Weight Loss and Cognitive Awareness Techniques

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When it comes to health and weight loss, there is an old expression that says “you are what you eat,” however current psychological research indicates that it may be more of “you are what you think.”

Part of taking a “holistic” approach to health and wellness means understanding what it means to treat the “whole person.” That means we need to develop scientifically sound methods not only involving diet, exercise, and physiology — but also for behavior modification.

The use of cognitive behavioral therapies that encourage self-monitoring, self-motivation and awareness practices such as more “mindful eating,” can and do make a big difference in the success or failure of a diet program.

Ask a dozen people what has been their greatest challenges or disappointments with diet or weight loss programs, and they will probably say, “Keeping the weight off.”

weight loss and cognitive behavior therapyThat is because most such programs only focus on the physical changes needed for quick weight loss. Keeping the weight off and living a healthier lifestyle for the long term, involves significant behavior modification.

Such behavioral changes can be hard, but not impossible. Psychologists employ something known as Cognitive Behavioral Therapy, or CBT, to help with many problems that can benefit from behavioral changes.

Cognitive Behavioral Therapy focuses on changing how you think about yourself, about the world around you, and how you react to it. CBT also focuses on making changes and sticking to them.

Adopting the strategies and techniques of CBT can be a powerful tool for successful and long term weight loss.

Behavioral Strategies that can Improve Weight Loss


  • healthy-eatingGoal Setting – One of the keys to a more “cognitive” approach to weight loss is understanding how to set specific and realistic goals. A CBT style goal is not “I want to lose weight,” or even “I want to lose 20 pounds.” Cognitive goals, are measurable and trackable, such as “I want to eat fruit instead of ice cream or cake for dessert.”
    • Now, you have a specific goal that you can track in a journal each time you make that behavioral change.
  • Self-Monitoring – Another cornerstone of CBT is self-monitoring. Basically, self-monitoring is you taking charge of observing and recording the target behaviors that will help you attain your goals.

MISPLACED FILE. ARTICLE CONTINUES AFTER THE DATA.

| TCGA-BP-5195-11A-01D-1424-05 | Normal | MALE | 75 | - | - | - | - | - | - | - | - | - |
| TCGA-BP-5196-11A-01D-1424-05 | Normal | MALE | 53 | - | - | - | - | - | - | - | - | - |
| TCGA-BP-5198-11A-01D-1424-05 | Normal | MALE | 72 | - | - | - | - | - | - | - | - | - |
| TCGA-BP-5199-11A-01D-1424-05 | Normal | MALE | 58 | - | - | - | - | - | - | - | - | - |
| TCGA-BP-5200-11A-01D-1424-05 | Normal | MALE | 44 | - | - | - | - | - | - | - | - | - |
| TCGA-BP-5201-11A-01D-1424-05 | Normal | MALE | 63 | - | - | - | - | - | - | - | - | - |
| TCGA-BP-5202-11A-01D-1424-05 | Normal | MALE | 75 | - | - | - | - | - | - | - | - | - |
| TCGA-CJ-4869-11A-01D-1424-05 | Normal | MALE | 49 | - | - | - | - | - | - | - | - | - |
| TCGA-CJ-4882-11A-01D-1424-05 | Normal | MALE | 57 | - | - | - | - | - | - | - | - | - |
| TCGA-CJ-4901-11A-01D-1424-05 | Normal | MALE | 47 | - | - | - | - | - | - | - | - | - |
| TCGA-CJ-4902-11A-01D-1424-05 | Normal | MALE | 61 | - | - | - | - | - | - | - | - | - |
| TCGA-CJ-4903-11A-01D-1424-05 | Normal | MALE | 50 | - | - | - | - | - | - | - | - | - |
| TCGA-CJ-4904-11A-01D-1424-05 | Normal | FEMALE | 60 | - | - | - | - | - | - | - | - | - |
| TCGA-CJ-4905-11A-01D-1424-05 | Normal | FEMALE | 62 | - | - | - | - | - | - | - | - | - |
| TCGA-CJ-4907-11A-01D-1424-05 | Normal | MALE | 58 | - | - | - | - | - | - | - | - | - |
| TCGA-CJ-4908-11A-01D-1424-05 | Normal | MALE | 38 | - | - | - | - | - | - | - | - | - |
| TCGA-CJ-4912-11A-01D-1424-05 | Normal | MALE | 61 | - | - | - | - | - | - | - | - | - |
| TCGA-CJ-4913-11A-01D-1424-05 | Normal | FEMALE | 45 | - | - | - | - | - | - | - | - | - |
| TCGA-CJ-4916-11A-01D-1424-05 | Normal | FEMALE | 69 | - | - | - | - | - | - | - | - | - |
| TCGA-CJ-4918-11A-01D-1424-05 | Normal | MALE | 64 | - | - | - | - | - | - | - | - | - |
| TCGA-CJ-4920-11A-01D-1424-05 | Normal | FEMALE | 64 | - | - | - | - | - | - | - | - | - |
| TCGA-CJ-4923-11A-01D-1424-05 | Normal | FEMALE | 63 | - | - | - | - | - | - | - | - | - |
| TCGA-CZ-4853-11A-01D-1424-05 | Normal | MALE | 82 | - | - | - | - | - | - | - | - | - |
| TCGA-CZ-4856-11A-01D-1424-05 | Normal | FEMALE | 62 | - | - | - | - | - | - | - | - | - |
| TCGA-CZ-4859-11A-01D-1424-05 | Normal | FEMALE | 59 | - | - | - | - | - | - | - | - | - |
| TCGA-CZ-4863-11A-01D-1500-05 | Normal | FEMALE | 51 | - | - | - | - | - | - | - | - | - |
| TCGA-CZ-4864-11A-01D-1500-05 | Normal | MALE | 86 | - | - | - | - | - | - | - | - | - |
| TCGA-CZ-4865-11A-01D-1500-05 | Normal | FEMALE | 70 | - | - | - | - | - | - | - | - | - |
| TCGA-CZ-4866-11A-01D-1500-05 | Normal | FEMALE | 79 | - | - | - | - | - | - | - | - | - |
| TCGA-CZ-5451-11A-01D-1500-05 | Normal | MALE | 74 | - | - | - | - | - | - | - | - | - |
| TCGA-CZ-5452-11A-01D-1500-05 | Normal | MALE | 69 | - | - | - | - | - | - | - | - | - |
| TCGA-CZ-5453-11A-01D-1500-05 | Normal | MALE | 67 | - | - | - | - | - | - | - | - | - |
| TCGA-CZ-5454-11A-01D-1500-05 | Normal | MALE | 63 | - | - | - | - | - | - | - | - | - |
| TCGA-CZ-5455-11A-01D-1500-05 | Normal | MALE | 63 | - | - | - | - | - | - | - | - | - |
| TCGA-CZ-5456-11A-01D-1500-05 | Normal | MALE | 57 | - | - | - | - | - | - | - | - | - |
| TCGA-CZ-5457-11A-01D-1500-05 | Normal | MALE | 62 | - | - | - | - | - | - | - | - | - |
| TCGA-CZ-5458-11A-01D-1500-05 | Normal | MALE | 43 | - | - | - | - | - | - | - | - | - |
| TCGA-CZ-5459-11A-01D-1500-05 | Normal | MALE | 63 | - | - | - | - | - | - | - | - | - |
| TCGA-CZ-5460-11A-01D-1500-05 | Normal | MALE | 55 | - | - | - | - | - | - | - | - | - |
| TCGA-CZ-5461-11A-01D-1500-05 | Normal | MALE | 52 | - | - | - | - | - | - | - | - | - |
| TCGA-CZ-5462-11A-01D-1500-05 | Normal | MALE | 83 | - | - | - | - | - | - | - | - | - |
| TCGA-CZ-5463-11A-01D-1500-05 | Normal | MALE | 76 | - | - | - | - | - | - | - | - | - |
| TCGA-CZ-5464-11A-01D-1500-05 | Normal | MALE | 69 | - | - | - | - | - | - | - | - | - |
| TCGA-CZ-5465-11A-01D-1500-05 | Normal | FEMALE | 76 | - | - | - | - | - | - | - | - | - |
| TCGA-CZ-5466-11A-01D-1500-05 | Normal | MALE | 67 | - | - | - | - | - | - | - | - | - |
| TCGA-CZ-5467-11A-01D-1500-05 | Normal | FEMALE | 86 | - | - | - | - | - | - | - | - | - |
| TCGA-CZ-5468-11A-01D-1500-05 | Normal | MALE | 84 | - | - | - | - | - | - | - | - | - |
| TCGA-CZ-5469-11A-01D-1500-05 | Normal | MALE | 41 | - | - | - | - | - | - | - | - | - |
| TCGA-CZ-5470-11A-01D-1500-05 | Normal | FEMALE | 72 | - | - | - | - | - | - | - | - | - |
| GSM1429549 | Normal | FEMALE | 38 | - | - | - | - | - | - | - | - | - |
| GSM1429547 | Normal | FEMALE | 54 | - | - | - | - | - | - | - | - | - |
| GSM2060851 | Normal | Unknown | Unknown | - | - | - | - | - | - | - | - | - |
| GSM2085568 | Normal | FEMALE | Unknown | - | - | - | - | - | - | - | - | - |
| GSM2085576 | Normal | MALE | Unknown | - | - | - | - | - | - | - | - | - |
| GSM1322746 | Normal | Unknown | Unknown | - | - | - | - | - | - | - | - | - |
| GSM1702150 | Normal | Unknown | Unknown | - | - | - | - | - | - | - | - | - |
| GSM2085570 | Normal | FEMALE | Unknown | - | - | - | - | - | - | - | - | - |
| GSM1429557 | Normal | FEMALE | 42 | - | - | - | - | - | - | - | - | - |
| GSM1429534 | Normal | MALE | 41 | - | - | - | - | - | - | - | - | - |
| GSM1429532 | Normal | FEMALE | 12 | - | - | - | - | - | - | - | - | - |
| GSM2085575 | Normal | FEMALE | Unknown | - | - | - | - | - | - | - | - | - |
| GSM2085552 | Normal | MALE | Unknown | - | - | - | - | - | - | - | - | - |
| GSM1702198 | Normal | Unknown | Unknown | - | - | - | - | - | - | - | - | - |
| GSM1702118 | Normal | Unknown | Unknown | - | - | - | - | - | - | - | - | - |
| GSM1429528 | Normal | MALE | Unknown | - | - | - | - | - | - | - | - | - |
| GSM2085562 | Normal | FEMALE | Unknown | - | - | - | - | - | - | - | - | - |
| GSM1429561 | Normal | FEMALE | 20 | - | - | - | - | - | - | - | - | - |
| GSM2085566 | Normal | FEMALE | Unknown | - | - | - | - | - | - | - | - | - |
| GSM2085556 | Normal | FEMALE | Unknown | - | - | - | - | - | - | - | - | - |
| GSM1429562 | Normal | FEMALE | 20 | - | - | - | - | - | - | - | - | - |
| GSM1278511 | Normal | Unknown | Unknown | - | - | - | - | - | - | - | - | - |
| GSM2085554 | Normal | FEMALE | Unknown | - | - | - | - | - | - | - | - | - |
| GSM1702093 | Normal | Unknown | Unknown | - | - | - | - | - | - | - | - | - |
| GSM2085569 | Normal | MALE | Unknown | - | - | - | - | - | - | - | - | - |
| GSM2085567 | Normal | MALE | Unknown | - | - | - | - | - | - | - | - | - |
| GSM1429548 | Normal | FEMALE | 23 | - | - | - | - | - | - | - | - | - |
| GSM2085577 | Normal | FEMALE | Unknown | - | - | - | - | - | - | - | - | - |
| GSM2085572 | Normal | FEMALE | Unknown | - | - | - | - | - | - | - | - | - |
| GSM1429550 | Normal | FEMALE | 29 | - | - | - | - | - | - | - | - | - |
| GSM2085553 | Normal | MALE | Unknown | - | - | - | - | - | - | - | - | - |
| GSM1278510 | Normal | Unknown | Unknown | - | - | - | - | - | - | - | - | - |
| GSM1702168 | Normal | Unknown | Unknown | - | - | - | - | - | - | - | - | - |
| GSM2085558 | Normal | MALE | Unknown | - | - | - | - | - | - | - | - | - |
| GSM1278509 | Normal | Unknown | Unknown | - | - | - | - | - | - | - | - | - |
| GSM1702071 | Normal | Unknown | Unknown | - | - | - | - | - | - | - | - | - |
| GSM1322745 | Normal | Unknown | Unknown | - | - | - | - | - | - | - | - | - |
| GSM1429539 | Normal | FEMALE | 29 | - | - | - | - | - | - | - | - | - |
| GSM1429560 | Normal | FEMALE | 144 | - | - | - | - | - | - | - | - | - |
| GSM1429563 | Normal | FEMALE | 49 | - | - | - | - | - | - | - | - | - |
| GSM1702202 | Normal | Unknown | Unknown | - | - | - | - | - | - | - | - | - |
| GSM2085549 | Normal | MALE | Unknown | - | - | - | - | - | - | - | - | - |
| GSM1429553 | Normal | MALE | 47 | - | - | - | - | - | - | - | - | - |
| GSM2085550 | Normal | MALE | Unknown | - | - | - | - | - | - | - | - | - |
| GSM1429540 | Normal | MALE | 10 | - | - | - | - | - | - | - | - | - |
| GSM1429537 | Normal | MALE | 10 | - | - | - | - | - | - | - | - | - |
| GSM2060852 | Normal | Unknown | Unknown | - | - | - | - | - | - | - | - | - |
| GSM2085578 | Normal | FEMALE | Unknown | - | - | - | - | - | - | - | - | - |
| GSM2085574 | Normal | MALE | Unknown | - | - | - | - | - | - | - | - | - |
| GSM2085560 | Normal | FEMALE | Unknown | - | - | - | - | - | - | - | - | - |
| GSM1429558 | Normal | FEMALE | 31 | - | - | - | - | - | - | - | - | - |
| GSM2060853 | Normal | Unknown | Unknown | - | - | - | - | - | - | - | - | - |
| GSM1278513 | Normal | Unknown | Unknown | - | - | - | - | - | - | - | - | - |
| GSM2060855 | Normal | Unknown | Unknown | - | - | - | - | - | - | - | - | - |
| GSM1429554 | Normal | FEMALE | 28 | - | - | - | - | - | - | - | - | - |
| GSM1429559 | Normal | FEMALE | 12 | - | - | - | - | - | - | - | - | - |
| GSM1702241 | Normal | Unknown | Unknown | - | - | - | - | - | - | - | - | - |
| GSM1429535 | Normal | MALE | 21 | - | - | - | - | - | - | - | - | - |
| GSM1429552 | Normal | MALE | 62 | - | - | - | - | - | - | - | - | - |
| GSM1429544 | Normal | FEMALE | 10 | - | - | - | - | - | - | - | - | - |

• These can be detailed journals of caloric intake, exercises done, miles walked, etc. New technologies such as the Fitbit and various other apps and devices, have taken the concept of self-monitoring to a whole new level.
  • Feedback and Reinforcement – While self-monitoring is great, long term behavioral changes can best be accomplished with additional positive reinforcement from outside sources. This is not only where the value of a lifestyle coach comes into play.
    • Friends, and relatives can also provide the feedback to help keep you on track. Facebook, and other Social Media apps can prove invaluable in building a community of supporters!
  • Incentives – Similar to positive feedback, actual “incentives” have been proven to help motivate people to make the kinds of long term behavioral changes that can help them get in shape and stay in shape.
    • Examples of such incentives are: companies that provide free gym memberships to employees who lose weight, or weight loss programs that offer gift cards, even cash incentives for reaching targeted goals.
  • Meditation and Mindfulness – Mindfulness comes from Eastern practices that make you more aware of yourself, your body, and the world around you. In recent years mindfulness has become increasingly a part of western fitness and weight loss practices.
    • weight loss tips for a healthy lifestyleFor example, mindful eating.  You probably have heard of the “Mind-Body connection.” There is a growing body of evidence for a “mind gut connection.”
    • Harvard University researchers have suggested that a slower, more thoughtful way of eating could help with many of the problems associated with overeating, especially those related to stress and making more healthy food choices. When specifically applied to eating, mindfulness means taki
      ng notice, and using all of your senses when eating. Take the time to explore and enjoy the color, smell, flavor, and even the texture of your food.
    • In mindful eating you need to savor every bite, chew more slowly, and eliminate any distraction like watching TV or reading, or driving – while eating. Mindful eating also means getting “in touch” with your feelings about food, and learning to deal with pressure and anxiety about food and weight.


Mind Your Own Fitness

What it all comes down to is this — making the kinds of changes that will lead to an overall healthier lifestyle means more than replacing the foods in your fridge. You need to also change the way you think about food, fitness and health.

Only then will you be able to change your mindset into one that is focused on the long-term, and not just weight loss!

For cognitive awareness techniques contact Heather Holder,  Lifestyle and Nutrition Coach.